Ancel Keys, Ph.D., the physiologist who became a leading authority on the role of diet in health, died on November 20 at the age of 100. His influence stretched from the skies of World War II, owing to his role in developing “K-rations” for U.S. paratroopers, to the cover of Time magazine, for his role in the discovery and popularization of the link between cholesterol and heart disease.
Dr. Keys attended the University of California, Berkeley, where he received a B.A. in economics, an M.S. in biology, and a Ph.D. in oceanography and biology. He received a second Ph.D., in physiology, from King's College, Cambridge in 1938.
Dr. Keys became a professor at the University of Minnesota in 1936, and organized what would become the Laboratory of Physiological Hygiene. He remained its director until his retirement in 1972.
Nicknamed “Mr. Cholesterol,” Dr. Keys was most noted for his “Seven Countries Study,” in which he postulated that the disparity in heart attack rates between nations was due to the influence of fat in the diets.
Finns, with the highest national heart attack, ate large quantities of animal fat and had high cholesterol levels. Cretans, with the lowest heart attack rate, ate far less fat, with olive oil the primary source, and had lower cholesterol levels. This was the first linkage between diet and coronary disease.
Such data led Dr. Keys to the development and popularization of the “Mediterranean Diet” in a series of best-selling books cowritten with his wife, Margaret Harvey, a biochemist.
Gary S. Roubin, M.D., was chosen head of the Department of Interventional Cardiology at Lenox Hill Hospital, New York. Dr. Roubin, the coinventor of the Gianturo-Roubin Flex-Stent, the first Food and Drug Administration-approved coronary artery stent, is slated to expand the new department in depth and breadth of service. This includes hiring Howard Cohen, M.D., formerly of the University of Pittsburgh, to serve as director of the heart failure and structural heart program, and Kirk Garratt, M.D., from the Mayo Clinic, who will serve as director of interventional cardiology research. Dr. Roubin returns to Lenox Hill Hospital where he was director of endovascular therapy in 1997–2003. Roubin's new team follows the departure of nine interventional cardiologists, including Jeffery Moses, M.D., former chief of interventional cardiology, who all left Lenox Hill for Columbia University in August 2004.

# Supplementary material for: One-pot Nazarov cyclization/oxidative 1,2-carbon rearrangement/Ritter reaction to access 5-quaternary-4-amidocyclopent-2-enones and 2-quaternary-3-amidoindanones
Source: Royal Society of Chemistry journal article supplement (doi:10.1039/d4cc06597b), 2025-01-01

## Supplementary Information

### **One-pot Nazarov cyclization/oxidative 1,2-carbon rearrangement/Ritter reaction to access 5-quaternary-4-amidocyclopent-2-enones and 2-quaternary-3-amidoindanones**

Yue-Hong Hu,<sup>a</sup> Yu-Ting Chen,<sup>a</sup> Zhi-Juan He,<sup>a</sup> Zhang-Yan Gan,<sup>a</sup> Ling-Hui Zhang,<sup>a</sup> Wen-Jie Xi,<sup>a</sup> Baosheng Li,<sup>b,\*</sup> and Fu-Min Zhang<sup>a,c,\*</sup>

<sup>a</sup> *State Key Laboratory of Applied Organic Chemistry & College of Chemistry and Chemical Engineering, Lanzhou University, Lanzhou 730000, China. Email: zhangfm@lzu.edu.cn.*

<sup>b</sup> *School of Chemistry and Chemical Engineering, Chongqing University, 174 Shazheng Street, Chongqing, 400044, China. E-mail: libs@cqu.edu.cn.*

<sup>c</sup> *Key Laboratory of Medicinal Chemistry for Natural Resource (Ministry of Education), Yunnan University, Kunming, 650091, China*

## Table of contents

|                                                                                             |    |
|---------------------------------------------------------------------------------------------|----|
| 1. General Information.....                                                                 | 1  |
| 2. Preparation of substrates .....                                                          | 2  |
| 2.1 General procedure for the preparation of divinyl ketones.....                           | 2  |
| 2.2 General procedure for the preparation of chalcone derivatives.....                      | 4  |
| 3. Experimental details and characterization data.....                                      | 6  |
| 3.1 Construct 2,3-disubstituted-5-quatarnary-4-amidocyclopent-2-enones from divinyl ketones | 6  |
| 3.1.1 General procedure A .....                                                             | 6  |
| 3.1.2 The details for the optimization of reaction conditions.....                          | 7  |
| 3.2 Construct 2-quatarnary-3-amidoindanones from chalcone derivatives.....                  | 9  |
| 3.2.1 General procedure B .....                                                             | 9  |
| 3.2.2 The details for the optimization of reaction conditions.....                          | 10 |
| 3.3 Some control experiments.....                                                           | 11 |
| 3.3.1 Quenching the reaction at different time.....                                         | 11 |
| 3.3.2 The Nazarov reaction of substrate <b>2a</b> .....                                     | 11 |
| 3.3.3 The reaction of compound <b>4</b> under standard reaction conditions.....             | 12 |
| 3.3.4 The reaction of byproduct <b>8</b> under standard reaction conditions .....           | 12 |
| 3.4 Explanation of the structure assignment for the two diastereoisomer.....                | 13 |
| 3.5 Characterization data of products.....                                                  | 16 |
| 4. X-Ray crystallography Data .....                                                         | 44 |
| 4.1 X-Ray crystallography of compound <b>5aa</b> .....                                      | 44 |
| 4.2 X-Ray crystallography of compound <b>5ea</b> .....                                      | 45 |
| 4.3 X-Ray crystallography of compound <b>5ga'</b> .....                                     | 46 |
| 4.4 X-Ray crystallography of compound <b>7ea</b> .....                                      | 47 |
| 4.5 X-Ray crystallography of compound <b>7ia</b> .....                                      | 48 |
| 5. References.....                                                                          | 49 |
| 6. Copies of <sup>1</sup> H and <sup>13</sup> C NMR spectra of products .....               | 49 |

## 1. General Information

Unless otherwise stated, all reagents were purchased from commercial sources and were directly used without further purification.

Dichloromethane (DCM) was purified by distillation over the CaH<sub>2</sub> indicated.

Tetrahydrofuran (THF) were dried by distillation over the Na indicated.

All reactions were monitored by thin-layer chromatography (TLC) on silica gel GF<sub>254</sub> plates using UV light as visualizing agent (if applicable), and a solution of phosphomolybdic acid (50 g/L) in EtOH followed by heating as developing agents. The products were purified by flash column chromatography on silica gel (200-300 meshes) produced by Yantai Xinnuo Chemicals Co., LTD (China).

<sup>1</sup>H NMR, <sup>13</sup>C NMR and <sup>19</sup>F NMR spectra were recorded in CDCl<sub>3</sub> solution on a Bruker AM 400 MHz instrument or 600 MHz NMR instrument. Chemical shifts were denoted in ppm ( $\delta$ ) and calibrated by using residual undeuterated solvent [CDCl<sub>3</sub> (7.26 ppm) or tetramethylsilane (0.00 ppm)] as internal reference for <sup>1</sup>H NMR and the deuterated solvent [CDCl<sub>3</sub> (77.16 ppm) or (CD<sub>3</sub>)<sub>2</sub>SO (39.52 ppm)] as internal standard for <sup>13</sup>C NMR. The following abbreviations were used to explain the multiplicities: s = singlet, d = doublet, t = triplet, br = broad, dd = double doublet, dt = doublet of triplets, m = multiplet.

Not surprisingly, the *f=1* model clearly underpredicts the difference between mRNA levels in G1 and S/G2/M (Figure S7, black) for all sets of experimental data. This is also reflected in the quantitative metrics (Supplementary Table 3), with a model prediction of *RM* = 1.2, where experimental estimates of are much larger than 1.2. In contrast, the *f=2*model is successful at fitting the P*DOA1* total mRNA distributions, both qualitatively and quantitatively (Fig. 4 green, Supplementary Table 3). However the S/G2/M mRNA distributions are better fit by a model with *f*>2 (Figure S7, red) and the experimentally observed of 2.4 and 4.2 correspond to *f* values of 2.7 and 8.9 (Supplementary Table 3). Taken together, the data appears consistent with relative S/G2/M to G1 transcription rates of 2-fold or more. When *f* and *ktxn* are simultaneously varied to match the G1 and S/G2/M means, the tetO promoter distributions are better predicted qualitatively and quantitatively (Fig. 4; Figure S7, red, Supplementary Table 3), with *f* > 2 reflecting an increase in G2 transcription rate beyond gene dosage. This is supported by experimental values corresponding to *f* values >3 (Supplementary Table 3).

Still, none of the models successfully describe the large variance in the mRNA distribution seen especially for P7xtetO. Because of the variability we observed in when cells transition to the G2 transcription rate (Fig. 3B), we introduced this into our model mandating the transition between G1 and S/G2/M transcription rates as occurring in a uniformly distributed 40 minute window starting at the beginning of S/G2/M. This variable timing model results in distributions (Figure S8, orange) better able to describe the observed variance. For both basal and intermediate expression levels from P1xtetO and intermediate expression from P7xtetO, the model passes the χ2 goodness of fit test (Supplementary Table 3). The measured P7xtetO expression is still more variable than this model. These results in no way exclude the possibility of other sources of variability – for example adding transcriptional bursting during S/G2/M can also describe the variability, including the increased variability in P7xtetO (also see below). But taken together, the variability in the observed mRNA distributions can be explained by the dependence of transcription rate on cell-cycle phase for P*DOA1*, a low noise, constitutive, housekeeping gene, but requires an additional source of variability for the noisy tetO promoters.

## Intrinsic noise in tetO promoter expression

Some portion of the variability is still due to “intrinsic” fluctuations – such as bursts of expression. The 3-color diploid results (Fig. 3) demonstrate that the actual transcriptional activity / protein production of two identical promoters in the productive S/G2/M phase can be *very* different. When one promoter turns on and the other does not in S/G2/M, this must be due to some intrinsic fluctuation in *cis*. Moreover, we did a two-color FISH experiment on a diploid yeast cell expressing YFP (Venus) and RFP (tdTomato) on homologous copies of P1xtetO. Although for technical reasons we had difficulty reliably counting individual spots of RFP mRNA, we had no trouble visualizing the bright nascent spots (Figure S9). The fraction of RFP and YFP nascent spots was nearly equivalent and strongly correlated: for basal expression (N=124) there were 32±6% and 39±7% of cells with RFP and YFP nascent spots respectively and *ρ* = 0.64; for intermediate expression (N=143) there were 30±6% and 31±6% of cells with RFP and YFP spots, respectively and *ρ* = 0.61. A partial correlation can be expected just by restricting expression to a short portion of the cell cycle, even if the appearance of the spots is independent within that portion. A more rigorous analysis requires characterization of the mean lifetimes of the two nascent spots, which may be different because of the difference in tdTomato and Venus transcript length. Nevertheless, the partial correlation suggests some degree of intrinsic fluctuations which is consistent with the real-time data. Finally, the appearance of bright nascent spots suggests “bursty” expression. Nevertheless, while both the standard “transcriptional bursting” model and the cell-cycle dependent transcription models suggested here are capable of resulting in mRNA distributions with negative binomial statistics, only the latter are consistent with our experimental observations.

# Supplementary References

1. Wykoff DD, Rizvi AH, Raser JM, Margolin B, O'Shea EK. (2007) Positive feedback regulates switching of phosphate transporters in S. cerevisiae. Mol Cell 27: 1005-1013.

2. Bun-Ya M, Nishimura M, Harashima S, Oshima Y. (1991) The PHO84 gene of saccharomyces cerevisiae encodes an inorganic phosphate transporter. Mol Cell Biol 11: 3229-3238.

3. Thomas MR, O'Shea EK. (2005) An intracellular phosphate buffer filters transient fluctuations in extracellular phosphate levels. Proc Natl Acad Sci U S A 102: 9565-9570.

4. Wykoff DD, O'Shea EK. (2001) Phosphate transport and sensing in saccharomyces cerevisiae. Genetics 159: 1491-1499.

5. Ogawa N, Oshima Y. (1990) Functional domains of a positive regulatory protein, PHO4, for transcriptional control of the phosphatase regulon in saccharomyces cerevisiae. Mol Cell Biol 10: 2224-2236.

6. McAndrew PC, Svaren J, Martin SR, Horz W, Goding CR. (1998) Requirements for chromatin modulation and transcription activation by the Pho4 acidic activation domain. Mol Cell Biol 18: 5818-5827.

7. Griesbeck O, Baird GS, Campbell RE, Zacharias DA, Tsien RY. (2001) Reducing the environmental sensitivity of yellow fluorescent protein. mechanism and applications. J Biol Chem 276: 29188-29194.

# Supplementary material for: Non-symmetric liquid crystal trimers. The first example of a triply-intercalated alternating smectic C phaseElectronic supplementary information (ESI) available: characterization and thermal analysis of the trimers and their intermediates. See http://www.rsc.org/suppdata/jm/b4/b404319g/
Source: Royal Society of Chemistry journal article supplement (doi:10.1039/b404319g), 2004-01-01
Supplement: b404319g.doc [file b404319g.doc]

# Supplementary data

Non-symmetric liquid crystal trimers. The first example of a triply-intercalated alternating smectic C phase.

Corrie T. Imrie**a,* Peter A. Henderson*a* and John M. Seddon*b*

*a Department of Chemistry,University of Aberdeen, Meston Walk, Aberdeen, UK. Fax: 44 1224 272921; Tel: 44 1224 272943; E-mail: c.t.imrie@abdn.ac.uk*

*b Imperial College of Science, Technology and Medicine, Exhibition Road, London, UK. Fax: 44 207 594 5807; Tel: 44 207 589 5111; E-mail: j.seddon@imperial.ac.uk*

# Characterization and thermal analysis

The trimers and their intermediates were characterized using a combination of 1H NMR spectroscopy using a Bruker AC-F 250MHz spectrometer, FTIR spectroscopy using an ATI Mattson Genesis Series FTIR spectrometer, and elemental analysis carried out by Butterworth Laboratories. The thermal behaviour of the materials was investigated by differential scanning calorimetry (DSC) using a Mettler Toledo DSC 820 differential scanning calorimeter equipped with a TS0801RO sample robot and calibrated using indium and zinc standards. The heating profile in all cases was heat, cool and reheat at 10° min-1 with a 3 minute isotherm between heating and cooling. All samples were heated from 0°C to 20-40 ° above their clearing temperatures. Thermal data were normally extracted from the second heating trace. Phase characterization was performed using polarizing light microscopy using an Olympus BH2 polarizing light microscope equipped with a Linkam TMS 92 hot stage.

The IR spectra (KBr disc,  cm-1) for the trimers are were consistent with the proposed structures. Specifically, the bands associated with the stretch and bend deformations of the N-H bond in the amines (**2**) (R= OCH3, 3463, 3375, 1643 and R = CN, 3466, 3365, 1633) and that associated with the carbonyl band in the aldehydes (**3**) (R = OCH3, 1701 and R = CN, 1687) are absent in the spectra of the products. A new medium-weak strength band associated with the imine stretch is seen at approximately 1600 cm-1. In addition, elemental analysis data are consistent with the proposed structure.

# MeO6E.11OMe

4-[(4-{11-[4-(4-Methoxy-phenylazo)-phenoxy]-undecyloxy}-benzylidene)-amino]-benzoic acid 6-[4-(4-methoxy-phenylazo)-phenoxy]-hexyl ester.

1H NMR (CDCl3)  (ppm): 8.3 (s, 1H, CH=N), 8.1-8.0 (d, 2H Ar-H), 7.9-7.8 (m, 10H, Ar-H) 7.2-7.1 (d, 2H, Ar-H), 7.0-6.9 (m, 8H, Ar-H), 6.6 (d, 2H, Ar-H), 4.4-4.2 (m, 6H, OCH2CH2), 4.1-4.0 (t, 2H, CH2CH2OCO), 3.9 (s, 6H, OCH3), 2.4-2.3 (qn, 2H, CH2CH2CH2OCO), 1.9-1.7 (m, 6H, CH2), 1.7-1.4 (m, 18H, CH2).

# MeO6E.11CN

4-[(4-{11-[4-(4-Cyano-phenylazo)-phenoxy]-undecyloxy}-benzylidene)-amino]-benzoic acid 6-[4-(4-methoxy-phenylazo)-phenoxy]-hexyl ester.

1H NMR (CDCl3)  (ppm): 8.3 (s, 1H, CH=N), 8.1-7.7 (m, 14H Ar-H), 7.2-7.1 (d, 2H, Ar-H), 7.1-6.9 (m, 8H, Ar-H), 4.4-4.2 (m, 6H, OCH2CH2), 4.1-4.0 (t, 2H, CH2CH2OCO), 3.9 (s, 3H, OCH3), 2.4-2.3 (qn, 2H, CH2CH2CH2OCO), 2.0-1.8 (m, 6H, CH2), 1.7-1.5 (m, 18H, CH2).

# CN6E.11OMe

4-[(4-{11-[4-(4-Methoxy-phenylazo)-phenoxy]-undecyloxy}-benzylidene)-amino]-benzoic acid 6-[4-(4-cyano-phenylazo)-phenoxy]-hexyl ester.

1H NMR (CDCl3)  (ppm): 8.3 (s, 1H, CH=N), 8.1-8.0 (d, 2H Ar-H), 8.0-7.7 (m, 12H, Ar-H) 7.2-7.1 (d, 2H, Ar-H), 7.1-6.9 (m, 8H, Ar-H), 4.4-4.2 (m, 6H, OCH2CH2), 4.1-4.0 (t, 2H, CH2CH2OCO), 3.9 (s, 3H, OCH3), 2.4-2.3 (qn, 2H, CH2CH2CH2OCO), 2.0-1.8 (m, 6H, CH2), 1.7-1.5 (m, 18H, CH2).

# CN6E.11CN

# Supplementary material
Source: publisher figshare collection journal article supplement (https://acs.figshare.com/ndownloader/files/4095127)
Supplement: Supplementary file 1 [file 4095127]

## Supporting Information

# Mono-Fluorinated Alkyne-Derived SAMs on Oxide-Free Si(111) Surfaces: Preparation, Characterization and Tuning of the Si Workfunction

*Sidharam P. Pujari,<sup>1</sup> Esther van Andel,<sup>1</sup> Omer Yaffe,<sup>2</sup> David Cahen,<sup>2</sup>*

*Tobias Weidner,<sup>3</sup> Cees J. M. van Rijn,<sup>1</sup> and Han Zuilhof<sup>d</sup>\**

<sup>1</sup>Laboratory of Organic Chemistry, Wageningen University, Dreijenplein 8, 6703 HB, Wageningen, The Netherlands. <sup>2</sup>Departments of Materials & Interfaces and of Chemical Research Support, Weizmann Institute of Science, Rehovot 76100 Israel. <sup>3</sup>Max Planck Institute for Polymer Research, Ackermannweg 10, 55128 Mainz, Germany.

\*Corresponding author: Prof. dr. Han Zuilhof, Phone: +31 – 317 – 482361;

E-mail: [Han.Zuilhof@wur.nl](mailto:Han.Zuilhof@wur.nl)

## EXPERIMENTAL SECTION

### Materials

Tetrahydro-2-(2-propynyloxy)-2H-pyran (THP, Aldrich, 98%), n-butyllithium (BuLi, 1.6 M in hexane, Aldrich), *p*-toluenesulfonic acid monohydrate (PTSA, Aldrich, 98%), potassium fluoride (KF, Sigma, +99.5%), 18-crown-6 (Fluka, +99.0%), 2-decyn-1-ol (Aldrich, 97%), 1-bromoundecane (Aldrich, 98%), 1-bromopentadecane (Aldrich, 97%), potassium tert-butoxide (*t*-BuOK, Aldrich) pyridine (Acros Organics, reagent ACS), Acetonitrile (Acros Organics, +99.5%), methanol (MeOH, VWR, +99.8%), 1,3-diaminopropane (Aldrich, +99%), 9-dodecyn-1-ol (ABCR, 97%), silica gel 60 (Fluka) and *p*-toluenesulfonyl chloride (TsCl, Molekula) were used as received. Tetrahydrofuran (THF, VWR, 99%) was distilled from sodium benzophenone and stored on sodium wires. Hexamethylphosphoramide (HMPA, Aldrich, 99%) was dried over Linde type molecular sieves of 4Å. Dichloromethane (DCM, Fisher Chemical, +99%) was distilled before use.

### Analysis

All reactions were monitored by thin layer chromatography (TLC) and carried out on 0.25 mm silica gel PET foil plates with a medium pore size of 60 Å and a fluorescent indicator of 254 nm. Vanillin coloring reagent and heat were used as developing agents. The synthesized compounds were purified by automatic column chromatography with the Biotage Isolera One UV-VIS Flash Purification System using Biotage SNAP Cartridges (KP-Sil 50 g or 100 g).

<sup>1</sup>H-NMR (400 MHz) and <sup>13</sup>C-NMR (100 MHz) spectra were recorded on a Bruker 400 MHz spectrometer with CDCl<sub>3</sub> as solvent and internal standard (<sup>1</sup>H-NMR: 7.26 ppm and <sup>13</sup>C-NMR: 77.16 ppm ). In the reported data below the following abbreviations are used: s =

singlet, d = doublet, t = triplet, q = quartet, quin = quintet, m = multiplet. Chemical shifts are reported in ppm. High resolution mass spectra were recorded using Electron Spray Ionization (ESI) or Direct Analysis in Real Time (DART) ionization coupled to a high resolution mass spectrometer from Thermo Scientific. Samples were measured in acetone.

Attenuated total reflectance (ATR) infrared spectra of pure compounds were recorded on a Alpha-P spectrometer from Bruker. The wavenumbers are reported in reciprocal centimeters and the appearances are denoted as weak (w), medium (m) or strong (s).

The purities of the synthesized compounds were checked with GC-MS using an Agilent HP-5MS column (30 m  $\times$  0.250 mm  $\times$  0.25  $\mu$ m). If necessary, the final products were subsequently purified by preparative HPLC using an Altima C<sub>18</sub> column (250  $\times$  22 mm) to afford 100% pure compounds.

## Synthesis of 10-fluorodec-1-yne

The Cardiovascular Research Foundation will collaborate with Columbia University Medical Center (CUMC), New York, to translate basic science into new therapies and less invasive procedures for patients with cardiovascular disease. CUMC has also created a new Center for Interventional Vascular Therapy to foster collaboration across medical subspecialties.
The Heart Rhythm Society has relocated its headquarters to Washington from Natick, Mass. “Being in Washington will help us forge stronger alliances with governing agencies and health care groups whose work complements ours,” said Stephen C. Hammill, M.D., president of the society.
The FDA issued a Class 1 recall on automated external defibrillators (AEDs) produced by the now-defunct Access CardioSystems Inc., warning customers to stop using them immediately. These devices are used by hospitals, fire departments, and emergency personnel. The AEDs were recalled because they may fail to deliver a shock due to a faulty circuit board and/or may turn on unexpectedly due to a faulty switch and fail to operate.
The ASCOT trial of Pfizer's amlodipine (Norvasc) and perindopril (Coversyl) ended early because the drugs performed so well it would have been unethical to continue, said Peter Sever, Ph.D., of Imperial College, London, cochair of the 19,000-patient study. Patients on amlodipine (calcium channel blocker) and perindopril (ACE inhibitor) had substantially fewer cardiovascular events, including heart attacks, than did those on β-blockers and diuretics.